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Abstract: Cleaning Operations

Grounds and buildings create first  and  lasting impressions. Research (e.g., APPA projects) increasingly shows that grounds appearance and clean buildings directly impact student recruitment and retention, are important to students and the learning environment, and are correlated with lower absenteeism and better health. The law of diminishing returns applies when making custodial services more efficient and less costly without affecting service level and quality.

Mission and   Purpose   of   Custodial   Services The custodial manager needs to communicate the mission and purpose of custodial services to the administrative hierarchy, linking them to the institution mission; the primary custodial mission is providing a clean environment that supports and adds value to the institution educational mission.

Road Map for Successful Custodial Operations   A clear road map is needed to guide and operate custodial services efficiently and cost-effectively based on an inventory or audit of previous, current, and future services (e.g., using longitudinal data as a tool).

Custodial Audit

A custodial audit documents past and current practices and their effectiveness in supporting department and institution missions. The audit establishes a weighted baseline for institution cleanliness, supporting evaluation of procedure modification effectiveness, performance evaluations and a feedback process, and a quality assurance program with a custodial-customer feedback loop. The cleanliness baseline can use the APPA appearance levels (Figure 2.26): Level 1, orderly spotlessness; Level 2, ordinary tidiness; Level 3, casual inattention; Level 4, moderate dinginess; and Level 5, unkempt neglect. The baseline should use 5 to 10 years of key data, such as building inventory and cleanable square feet, staffing inventory (in full-time equivalents), categories or types of spaces, square feet cleaned per custodian, maintenance cost per square foot (labor and supplies), and level and quality of service provided. APPA defines appearance levels and 33 room types (Figure 2.27, with productivity and service levels) in Operational Guidelines for Educational Facilities: Custodial.

3 Casual Inattention 4 Moderate Dinginess 5 Unkempt Neglect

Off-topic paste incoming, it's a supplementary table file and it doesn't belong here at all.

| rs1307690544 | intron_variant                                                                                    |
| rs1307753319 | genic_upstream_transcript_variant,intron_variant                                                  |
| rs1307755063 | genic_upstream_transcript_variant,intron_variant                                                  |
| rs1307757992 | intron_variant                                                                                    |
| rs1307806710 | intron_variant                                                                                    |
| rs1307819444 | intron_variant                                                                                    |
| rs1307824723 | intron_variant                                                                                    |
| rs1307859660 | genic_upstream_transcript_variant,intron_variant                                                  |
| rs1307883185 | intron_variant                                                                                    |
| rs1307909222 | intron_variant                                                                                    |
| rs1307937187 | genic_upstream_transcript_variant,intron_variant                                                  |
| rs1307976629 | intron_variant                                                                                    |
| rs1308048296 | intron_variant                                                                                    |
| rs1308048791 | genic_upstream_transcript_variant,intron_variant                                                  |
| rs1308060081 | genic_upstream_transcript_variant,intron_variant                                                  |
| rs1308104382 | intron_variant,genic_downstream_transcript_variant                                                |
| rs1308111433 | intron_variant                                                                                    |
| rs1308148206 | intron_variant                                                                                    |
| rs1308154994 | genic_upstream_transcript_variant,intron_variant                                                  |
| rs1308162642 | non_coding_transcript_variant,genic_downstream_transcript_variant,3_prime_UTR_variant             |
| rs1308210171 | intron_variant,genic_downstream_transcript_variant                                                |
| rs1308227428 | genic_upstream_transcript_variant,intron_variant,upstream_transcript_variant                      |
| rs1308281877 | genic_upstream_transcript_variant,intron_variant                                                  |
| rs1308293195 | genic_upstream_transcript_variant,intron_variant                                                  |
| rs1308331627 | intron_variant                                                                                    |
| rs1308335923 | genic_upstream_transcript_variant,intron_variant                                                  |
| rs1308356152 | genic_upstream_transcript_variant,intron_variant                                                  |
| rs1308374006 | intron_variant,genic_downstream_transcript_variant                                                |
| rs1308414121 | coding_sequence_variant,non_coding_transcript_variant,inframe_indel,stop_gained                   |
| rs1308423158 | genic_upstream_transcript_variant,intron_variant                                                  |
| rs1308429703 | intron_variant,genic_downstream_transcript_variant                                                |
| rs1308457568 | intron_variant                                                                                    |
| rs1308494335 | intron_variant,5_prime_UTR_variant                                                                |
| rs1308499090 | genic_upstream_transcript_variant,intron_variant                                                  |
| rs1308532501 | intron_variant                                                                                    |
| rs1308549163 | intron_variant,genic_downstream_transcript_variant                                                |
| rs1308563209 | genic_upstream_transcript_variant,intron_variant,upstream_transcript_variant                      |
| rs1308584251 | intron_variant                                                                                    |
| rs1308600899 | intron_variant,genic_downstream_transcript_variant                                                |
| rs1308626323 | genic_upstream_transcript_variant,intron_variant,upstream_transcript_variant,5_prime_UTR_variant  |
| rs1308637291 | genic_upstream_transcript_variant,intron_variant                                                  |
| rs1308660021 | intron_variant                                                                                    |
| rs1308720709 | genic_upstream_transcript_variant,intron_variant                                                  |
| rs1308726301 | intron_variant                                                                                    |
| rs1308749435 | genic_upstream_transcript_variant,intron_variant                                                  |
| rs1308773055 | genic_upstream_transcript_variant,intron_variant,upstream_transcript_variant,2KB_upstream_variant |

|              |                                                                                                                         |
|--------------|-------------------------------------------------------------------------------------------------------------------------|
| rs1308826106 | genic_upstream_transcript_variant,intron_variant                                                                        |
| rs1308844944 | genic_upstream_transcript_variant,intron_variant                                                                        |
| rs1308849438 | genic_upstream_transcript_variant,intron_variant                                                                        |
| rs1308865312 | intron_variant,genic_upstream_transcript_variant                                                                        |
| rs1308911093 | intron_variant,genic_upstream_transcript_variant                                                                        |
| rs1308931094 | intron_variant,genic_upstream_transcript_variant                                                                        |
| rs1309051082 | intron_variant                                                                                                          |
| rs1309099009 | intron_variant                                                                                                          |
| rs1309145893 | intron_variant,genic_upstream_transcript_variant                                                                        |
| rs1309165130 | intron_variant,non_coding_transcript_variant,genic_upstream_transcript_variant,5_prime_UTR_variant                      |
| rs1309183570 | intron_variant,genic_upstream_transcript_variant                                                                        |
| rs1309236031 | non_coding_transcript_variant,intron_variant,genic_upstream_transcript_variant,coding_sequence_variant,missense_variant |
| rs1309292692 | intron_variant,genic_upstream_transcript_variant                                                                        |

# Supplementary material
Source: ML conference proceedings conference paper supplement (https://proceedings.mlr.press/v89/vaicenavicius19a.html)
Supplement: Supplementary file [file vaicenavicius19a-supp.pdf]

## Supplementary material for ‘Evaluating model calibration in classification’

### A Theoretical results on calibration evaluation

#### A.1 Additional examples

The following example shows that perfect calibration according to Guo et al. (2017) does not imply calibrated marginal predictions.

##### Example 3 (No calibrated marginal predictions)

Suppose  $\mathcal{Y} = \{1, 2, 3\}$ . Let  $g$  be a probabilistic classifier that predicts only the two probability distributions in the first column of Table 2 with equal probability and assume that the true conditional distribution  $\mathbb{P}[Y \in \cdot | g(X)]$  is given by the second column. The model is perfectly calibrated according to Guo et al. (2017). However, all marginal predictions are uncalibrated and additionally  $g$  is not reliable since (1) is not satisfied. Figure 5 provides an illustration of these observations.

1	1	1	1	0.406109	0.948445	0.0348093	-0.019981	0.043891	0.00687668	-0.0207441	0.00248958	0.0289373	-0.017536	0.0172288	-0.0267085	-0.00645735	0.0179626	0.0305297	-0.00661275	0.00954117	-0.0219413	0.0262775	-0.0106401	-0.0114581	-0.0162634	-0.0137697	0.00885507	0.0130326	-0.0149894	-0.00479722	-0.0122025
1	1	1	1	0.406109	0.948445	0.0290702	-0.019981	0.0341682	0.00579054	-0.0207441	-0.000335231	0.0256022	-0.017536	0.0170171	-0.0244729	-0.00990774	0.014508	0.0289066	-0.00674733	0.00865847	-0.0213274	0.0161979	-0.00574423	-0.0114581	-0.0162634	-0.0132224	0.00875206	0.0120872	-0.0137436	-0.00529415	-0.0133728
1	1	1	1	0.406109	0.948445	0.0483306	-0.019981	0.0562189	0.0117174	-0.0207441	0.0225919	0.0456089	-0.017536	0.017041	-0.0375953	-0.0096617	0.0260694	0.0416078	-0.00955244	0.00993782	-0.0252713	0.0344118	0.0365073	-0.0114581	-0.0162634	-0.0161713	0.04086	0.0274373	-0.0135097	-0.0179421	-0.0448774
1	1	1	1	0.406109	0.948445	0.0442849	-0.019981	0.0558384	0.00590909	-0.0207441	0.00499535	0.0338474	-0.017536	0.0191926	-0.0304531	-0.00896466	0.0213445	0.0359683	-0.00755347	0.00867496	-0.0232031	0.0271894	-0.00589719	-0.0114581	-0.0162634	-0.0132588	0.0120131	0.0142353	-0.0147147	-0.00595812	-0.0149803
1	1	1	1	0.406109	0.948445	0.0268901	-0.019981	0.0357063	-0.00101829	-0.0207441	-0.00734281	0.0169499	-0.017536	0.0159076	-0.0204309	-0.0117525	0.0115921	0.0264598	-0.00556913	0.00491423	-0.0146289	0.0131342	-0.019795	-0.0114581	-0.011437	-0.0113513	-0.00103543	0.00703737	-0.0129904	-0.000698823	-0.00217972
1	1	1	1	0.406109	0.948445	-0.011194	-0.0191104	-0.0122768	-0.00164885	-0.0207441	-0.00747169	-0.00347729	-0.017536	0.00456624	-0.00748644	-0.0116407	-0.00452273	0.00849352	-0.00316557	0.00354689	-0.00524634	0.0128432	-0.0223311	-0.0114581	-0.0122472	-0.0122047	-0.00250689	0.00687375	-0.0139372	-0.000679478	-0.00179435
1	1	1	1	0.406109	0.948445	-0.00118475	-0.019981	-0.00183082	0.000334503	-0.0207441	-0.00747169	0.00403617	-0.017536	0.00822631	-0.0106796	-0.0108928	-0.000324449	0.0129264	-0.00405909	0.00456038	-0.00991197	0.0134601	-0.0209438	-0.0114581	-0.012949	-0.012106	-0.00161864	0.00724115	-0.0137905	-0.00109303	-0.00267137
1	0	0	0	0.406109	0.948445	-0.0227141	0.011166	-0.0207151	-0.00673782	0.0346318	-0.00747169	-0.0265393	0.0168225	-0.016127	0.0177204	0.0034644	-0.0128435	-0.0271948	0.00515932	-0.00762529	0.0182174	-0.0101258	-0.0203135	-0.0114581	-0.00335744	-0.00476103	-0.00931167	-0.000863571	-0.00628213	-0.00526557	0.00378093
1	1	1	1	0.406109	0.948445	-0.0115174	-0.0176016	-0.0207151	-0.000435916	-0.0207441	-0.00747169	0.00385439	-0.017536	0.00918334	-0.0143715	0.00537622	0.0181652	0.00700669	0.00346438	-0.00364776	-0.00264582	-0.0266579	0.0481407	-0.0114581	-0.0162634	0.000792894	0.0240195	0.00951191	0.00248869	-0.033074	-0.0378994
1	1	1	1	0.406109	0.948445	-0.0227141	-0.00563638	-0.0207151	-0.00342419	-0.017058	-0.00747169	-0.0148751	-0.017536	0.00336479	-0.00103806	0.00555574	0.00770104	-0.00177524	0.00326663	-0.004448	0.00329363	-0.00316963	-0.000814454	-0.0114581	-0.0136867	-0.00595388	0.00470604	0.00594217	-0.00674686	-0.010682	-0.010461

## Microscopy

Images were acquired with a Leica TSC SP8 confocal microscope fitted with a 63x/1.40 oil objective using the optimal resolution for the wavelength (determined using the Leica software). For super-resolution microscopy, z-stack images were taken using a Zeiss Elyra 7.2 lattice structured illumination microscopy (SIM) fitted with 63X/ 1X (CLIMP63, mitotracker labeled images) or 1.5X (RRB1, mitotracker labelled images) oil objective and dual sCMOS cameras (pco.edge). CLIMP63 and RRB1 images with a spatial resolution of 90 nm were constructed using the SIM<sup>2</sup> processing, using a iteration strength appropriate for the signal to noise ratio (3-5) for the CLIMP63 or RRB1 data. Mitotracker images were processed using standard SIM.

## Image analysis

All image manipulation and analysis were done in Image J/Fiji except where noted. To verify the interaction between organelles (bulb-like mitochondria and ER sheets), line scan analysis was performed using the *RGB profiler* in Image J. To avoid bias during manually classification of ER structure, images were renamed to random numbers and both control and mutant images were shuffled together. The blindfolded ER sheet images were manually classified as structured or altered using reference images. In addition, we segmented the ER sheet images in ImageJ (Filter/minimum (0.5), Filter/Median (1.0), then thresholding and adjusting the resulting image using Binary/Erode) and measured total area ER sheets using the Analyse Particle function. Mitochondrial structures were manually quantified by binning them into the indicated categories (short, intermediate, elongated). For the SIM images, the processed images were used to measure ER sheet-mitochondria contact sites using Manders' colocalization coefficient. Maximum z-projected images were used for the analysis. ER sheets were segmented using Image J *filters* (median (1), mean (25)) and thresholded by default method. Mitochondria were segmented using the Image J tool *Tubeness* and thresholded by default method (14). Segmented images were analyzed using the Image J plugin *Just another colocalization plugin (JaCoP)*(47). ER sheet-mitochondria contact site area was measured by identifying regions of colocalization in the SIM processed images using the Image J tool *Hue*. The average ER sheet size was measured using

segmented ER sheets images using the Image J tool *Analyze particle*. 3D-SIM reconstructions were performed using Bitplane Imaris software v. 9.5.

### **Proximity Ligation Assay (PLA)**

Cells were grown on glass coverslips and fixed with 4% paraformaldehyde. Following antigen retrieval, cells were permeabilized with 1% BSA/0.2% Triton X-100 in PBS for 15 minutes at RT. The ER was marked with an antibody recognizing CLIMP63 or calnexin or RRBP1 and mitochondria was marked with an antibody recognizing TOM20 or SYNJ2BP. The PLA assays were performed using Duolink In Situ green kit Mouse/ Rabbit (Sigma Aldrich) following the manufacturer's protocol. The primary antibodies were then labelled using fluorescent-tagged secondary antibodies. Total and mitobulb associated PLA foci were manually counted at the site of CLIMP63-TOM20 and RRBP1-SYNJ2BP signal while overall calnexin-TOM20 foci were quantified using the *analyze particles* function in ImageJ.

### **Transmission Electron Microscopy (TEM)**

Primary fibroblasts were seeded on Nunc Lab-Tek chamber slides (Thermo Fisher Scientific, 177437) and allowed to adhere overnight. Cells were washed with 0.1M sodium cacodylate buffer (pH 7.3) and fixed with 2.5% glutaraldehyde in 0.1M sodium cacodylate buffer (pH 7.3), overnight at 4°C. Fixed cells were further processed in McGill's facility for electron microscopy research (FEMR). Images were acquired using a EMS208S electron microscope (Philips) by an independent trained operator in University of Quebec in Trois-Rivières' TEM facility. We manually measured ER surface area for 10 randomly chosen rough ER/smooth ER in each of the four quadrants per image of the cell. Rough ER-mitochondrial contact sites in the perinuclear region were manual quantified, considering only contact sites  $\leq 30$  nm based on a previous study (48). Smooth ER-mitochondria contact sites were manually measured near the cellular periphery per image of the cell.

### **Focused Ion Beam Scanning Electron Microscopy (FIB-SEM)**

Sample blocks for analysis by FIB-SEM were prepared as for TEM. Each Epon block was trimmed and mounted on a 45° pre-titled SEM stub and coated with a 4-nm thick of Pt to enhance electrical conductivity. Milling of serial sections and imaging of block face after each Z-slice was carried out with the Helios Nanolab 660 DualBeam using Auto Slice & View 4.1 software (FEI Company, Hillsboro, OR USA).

Floors are swept or vacuumed clean, but upon close observation there can be stains. A buildup of dirt and/or floor finish in corners and along walls can be seen. There are dull spots and/or matted carpet in walking lanes. Base molding is dull and dingy with streaks or splashes. Floors are swept or vacuumed clean, but are dull, dingy, and stained. There is an obvious buildup of dirt and/or floor finish in corners and along walls. There is a dull path and/or obviously matted carpet in the walking lanes. Base molding is dull and dingy with streaks or splashes. Floors and carpet are dull, dirty, dingy, scuffed, and/or matted. There is a conspicuous buildup of old dirt and/or floor finish in corners and along walls. Base molding is dirty, stained, and streaked. Gum, stains, dirt, dust balls, and trash are broadcast
All vertical and horizontal surfaces have obvious dust, dirt, marks, smudges, and fingerprints. All vertical and horizontal surfaces have conspicuous dust, dirt, smudges, fingerprints, and marks. All vertical and horizontal surfaces have major accumulations of dust, dirt, smudges, and fingerprints, all of which will be difficult to remove. Lack of attention is obvious.
Lights all work and fixtures are clean. Light fixtures are dirty and some (up to 5 percent) lamps are burned out. Light fixtures are dirty with dust balls and flies. Many lamps (more than 5 percent) are burned out.
Washroom, shower, toilet fixtures, and tile gleam and are odor-free. Supplies are adequate. Washroom, shower, toilet fixtures, and tile gleam and are odor-free. Supplies are adequate. Less than acceptable assessment in the attributes listed for levels 1-4